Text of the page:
Early last spring we began using a new type of trellis system for our tomatoes. It involves running wires six feet off the ground from side to side in our unheated greenhouse. The tomatoes are then strung up using an ingenious device that spools out string, but which will clamp tight and easily slip over the wire. We anchor the bottom of each string with a ground staple next to each plant. (If you click on the photos, they’ll expand and you’ll get a closer look at the spools and strings.)
As the tomatoes grow, we use a “tapener,” another ingenious invention that allows us to clamp tape, something like a silk ribbon, around both the tomato stalk and the string, which keeps the tomatoes upright. The tapener clips off the ribbon and staples the two ends together
before the two arms of the device swing open and we move on to another tomato.
We followed a plan that called for allowing just one sucker to develop into another tomato-bearing vine, putting a second string-spool in place as the plants grew.
And how they’ve grown! We’ve learned quite a bit from using this system. We’ve come to realize that even with the strings, the rows need to be planted farther apart. The strings have kept the tomatoes from turning into an unmanageable jungle, but just barely.
As the plants started to bear fruit we faced an unexpected problem: the weight of the six rows actually seemed to be bending the ribs of our greenhouse. We fixed that with the simple addition of six-foot 2×4’s to prop up the wires and take some of the load off the ribs. This year, with our rows spread farther apart, we may not have this problem, but we still plan to have the 2×4’s ready.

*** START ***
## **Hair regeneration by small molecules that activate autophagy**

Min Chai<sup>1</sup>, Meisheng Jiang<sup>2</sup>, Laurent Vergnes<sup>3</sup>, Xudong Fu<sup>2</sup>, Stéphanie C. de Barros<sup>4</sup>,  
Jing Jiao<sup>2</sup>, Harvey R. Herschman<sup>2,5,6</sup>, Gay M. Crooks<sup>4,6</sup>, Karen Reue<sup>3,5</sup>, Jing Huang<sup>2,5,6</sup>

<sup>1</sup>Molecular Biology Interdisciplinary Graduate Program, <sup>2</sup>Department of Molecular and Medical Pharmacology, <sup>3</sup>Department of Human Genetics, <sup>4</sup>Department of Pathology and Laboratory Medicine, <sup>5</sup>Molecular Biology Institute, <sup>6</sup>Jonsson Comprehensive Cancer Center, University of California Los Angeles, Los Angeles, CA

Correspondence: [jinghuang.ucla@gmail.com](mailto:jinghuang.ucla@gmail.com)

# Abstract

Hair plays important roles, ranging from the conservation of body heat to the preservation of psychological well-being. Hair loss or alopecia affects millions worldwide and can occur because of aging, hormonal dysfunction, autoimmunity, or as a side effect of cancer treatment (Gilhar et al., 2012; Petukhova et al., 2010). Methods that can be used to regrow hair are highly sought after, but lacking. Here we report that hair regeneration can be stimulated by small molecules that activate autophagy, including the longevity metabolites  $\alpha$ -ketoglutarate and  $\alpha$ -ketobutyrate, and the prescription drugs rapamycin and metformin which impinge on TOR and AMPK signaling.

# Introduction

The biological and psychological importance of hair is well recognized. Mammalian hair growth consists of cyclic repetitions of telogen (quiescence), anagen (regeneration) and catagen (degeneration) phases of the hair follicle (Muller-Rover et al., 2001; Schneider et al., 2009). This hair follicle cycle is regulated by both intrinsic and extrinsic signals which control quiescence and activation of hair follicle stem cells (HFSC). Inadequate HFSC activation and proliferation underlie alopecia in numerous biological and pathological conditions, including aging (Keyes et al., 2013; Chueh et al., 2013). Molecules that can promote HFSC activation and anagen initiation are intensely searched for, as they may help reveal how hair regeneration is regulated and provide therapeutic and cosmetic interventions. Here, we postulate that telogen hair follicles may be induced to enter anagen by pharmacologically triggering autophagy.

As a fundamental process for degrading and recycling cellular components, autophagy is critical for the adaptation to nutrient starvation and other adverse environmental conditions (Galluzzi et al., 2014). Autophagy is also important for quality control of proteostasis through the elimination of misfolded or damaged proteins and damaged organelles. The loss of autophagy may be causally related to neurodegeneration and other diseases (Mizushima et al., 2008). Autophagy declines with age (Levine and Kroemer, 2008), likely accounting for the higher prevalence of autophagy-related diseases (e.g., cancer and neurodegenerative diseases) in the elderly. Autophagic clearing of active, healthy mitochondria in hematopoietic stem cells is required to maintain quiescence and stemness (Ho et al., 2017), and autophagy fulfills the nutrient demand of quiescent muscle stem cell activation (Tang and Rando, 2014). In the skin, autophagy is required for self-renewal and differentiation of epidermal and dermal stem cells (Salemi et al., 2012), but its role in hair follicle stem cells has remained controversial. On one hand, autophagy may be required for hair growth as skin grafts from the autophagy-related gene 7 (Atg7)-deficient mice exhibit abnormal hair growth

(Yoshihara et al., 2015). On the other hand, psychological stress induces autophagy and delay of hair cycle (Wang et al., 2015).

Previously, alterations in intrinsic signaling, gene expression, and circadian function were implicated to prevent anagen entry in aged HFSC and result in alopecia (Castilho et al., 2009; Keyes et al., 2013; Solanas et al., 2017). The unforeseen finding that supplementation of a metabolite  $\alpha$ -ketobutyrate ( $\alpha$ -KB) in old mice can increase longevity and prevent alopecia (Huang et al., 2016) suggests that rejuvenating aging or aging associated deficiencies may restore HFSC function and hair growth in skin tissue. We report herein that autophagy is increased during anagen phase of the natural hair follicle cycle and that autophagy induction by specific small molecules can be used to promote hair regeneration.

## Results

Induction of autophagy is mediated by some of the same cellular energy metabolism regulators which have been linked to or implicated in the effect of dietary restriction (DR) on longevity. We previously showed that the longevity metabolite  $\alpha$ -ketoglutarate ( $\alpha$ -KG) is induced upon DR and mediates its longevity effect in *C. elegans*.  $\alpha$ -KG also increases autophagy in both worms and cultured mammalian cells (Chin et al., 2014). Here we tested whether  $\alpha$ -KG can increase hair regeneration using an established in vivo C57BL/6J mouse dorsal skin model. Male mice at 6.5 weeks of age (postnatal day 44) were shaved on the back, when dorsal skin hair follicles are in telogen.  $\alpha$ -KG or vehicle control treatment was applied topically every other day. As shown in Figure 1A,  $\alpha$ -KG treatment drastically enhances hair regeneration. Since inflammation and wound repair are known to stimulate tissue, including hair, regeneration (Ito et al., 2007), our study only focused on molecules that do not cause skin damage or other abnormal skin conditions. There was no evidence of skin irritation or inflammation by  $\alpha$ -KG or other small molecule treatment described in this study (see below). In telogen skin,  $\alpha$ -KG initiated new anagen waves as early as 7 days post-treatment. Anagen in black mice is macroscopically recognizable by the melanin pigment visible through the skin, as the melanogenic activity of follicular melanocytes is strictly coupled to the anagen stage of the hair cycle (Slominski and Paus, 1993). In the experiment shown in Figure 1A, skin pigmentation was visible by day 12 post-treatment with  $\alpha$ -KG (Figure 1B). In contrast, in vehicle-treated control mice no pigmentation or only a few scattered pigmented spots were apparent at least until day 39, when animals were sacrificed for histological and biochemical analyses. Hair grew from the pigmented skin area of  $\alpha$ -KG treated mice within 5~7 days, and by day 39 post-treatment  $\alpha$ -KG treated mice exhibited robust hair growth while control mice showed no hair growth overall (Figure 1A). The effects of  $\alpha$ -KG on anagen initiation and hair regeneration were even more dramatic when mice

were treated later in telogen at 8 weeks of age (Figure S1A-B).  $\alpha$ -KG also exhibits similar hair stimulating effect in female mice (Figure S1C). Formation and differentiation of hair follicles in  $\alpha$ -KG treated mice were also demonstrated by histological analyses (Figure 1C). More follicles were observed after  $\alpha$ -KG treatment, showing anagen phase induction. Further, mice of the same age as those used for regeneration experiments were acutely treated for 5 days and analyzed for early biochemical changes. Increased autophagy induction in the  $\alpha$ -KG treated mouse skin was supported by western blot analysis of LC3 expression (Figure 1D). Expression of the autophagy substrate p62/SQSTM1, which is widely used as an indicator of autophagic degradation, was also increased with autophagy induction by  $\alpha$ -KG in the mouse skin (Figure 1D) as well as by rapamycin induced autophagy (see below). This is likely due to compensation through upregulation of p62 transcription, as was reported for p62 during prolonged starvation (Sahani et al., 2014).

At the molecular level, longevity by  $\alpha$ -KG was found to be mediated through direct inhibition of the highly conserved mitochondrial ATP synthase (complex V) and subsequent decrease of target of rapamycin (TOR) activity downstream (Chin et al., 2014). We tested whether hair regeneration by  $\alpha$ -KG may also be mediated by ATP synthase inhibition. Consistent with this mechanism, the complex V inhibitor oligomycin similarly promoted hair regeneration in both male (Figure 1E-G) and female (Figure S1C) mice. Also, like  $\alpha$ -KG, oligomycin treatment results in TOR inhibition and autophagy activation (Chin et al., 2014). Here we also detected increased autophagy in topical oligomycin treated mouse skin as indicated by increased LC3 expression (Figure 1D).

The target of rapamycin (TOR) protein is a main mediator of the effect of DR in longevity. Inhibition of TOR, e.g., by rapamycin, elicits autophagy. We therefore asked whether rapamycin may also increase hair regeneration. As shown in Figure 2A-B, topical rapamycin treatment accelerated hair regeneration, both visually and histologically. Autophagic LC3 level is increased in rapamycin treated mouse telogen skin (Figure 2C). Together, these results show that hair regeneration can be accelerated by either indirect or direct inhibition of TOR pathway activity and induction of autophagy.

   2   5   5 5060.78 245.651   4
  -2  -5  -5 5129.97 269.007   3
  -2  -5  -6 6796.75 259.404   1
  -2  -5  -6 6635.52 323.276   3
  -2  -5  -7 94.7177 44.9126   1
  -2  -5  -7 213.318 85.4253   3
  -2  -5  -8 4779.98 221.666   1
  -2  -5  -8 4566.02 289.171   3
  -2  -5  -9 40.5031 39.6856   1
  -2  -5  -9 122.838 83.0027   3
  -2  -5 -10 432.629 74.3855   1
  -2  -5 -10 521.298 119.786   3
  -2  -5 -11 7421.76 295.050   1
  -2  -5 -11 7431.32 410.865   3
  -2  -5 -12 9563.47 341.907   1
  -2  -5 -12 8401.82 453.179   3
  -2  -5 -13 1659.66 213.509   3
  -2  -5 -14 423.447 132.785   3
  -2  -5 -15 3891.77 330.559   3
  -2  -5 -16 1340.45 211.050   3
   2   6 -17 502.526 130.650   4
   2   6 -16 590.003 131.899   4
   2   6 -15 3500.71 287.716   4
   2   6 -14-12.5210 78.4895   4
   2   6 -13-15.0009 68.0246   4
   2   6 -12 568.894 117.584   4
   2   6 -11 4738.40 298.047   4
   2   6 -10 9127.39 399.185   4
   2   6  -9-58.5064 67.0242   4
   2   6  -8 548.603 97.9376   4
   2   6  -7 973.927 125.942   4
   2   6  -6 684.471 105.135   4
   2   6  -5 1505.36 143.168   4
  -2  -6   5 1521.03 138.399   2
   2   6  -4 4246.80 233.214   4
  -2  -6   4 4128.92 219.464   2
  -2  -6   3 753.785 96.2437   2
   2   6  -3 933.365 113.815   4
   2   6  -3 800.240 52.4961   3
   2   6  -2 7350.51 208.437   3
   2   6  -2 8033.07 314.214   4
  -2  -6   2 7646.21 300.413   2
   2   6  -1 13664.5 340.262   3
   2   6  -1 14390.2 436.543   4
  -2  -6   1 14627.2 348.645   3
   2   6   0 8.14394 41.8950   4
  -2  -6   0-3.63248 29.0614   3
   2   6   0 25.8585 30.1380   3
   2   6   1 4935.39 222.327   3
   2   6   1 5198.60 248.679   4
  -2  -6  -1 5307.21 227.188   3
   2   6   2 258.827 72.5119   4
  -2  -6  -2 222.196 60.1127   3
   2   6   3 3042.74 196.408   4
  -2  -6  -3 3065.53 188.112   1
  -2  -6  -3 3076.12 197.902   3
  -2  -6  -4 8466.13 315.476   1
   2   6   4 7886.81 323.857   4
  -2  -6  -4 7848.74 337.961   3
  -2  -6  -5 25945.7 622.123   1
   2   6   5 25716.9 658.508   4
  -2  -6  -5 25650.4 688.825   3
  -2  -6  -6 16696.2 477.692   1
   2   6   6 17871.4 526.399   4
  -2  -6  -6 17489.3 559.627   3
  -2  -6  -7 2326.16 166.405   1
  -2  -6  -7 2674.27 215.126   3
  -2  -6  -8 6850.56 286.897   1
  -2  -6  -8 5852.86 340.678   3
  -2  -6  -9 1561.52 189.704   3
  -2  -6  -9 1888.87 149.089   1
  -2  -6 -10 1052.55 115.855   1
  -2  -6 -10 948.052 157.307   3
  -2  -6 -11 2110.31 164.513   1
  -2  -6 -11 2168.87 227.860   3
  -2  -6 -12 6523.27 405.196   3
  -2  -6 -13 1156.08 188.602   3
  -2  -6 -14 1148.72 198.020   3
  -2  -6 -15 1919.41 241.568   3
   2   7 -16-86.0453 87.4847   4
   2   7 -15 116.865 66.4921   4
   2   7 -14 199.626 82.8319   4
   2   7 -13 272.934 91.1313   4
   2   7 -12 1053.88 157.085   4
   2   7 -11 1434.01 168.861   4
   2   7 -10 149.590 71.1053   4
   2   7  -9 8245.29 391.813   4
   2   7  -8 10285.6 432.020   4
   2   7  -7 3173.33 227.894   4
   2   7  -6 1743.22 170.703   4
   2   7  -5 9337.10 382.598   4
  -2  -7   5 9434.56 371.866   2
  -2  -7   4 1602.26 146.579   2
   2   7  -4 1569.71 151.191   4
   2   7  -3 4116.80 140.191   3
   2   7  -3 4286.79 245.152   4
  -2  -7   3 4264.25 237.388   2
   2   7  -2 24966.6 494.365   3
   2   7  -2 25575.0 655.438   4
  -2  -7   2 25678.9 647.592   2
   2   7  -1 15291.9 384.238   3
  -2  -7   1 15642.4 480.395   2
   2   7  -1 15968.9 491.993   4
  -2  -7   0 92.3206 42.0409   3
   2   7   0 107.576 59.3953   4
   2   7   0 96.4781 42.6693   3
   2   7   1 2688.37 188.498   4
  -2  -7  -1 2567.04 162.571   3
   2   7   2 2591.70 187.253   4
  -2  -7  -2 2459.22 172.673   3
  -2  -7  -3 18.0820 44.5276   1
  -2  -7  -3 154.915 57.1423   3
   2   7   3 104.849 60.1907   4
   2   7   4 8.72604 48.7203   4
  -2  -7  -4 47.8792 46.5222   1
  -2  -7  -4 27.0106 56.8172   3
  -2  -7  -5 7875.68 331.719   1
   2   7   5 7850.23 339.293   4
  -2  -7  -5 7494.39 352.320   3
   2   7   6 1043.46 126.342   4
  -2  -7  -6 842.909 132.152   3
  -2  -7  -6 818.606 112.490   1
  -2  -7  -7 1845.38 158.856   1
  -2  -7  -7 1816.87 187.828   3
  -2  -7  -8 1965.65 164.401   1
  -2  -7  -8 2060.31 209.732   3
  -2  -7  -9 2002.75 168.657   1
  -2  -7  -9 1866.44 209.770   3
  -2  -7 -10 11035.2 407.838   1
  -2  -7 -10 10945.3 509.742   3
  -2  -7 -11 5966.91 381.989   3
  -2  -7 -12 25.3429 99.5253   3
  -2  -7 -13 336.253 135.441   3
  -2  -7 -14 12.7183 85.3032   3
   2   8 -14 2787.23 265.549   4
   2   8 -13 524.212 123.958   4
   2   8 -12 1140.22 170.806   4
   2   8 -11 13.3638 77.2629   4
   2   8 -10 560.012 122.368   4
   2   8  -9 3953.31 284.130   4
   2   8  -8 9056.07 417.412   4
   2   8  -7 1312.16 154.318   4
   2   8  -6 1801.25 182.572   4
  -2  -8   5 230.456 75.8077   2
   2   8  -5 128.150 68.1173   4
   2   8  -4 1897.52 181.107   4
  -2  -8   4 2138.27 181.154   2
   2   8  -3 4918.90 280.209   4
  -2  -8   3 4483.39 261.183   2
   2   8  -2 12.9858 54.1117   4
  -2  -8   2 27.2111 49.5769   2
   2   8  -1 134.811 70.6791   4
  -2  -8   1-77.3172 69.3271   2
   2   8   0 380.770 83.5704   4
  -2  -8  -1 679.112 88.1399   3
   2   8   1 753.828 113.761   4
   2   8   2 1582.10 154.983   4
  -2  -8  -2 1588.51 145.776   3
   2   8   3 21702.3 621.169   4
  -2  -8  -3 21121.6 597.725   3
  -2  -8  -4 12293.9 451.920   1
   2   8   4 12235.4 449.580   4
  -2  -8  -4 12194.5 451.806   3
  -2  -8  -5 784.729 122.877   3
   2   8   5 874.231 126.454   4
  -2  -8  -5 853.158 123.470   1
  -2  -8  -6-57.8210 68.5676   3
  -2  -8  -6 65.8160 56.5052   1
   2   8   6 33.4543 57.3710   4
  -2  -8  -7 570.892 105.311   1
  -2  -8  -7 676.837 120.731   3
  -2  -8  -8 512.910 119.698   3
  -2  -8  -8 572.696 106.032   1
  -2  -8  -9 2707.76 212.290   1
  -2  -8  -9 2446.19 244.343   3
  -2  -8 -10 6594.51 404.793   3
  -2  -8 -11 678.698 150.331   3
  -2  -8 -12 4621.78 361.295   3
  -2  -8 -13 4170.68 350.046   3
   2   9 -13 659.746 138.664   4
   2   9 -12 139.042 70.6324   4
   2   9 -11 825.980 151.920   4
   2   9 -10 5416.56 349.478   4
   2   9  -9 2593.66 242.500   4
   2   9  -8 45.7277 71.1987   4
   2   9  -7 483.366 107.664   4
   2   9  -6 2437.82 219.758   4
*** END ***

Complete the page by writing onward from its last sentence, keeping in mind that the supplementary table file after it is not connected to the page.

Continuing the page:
We’re also going to use more tape. At least we think that will prevent the problem of the tomato plants slipping down the strings under the weight of their fruit. We have to admit that we’re still learning, but the system has certainly paid off in terms of production.
Since late July last year we had Tomacchios and Favoritas (both cherry tomatoes) coming in, along with an interesting variety of artisan tomatoes that are up to twice the size of those first two. Our sandwich tomatoes also kicked in to high gear, with quite a few weighing more than a pound.
We began the season by growing Salanova lettuce, a variety particularly well suited for greenhouse production, but the heat of summer put an end to that. No matter how you grow it, lettuce eventually turns bitter and tries to bolt, getting ready to set seeds, when it gets hot.
Last year we sold the tomatoes and other produce from the greenhouse at the Fresh Chicks Farmers Market on Mondays from 11:00 to 3:00 on the grounds of the Monadnock Community Hospital. If you’re interested in getting tomatoes tomatoes or cucumbers this year, call Ara at (603)878-9876 to make arrangements.